Li Y, Zhao Y, Huang X, Lin X, Guo Y, Wang D, Li C, Wang D - PLoS ONE (2013)

Thermotaxis memory behavior of mutants for genes required for serotonin synthesis.(A) Thermotaxis memory assay model [7]. (B) Extinction of the association (food at 20°C) of mutant animals. The normalized isothermal tracking behavior (IT) values were used. (C) Comparison of the extinctions of wild-type and mutant animals at the time interval of 18-hr. (D) Thermotaxis behavior of wild-type and mutant animals. In the thermotaxis assay system, movement to 25°C was scored as thermophilic (T); movement to 17°C was scored as cryophilic (C); movement across the thermal gradient (17°C/25°C) was scored as athermotactic (A); and movement at 20°C was scored as IT. (E–F) Genetic interaction of tph-1 with bas-1 in regulating thermotaxis memory. Bars represent means ± S.E.M. **p<0.01.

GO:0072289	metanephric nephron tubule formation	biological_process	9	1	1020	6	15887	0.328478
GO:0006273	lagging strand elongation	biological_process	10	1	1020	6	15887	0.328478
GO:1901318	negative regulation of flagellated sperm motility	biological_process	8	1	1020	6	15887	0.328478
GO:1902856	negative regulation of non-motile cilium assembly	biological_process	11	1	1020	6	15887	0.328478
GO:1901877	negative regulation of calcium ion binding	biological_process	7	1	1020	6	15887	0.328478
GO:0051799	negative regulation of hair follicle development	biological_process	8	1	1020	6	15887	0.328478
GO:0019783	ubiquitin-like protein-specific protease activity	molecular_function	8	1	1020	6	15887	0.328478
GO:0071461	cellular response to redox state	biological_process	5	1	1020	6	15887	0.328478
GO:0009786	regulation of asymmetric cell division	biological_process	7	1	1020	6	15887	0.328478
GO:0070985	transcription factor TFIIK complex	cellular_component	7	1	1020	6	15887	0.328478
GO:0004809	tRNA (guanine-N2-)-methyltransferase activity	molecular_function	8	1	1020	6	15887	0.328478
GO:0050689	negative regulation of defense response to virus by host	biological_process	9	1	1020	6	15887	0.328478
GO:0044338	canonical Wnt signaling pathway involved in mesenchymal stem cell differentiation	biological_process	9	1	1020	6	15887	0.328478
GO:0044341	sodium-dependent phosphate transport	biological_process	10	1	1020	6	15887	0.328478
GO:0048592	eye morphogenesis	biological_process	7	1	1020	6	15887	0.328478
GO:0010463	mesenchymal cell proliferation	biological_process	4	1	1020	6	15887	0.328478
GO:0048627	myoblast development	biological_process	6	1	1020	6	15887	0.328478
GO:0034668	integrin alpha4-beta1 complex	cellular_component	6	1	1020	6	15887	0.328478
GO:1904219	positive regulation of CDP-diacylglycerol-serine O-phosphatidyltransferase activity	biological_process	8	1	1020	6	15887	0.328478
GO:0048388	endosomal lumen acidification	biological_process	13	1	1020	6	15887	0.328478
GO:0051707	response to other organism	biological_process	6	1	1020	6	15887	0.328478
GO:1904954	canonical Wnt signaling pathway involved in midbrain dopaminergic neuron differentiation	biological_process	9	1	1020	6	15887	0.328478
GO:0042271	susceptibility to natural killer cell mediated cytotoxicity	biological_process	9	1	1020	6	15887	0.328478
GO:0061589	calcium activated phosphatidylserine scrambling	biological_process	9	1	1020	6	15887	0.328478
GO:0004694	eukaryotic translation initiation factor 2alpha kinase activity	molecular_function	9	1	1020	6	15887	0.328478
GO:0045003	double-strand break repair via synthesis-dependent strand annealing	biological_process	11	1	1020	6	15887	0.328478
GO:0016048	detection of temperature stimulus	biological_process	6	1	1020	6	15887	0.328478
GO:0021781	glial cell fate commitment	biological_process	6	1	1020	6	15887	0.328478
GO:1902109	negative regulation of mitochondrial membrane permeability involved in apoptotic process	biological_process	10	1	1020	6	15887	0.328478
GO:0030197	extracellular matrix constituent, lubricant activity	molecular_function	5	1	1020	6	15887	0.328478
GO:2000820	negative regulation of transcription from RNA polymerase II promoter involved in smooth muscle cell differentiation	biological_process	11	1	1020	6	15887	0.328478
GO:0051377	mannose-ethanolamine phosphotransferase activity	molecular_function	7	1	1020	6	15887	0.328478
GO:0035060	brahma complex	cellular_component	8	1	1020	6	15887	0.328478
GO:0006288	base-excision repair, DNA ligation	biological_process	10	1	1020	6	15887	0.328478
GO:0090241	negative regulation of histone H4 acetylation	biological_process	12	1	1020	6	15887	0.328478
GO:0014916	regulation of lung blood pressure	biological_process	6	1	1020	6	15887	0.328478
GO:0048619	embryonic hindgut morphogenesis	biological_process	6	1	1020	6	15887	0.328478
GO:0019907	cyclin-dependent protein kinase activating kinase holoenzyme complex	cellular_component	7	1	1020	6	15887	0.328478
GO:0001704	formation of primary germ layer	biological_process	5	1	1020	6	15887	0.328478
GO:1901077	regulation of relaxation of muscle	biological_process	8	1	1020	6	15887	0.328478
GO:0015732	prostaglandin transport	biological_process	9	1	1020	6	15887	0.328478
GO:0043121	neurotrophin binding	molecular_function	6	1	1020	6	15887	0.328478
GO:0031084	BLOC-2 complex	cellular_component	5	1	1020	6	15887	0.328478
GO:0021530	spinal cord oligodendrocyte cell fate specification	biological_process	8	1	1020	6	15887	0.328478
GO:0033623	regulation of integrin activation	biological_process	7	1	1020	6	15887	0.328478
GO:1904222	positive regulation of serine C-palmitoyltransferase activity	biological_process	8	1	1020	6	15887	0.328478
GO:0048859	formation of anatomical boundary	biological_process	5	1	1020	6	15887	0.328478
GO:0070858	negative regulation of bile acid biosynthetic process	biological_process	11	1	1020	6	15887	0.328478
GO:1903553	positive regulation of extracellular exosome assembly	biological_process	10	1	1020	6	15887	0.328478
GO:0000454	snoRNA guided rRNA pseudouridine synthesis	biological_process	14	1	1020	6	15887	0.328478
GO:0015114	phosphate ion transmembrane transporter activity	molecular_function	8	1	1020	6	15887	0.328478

© Copyright Policy
Related In: Results  -  Collection

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getmorefigures.php?uid=PMC3815336&req=5

pone-0077779-g001: Thermotaxis memory behavior of mutants for genes required for serotonin synthesis.(A) Thermotaxis memory assay model [7]. (B) Extinction of the association (food at 20°C) of mutant animals. The normalized isothermal tracking behavior (IT) values were used. (C) Comparison of the extinctions of wild-type and mutant animals at the time interval of 18-hr. (D) Thermotaxis behavior of wild-type and mutant animals. In the thermotaxis assay system, movement to 25°C was scored as thermophilic (T); movement to 17°C was scored as cryophilic (C); movement across the thermal gradient (17°C/25°C) was scored as athermotactic (A); and movement at 20°C was scored as IT. (E–F) Genetic interaction of tph-1 with bas-1 in regulating thermotaxis memory. Bars represent means ± S.E.M. **p<0.01.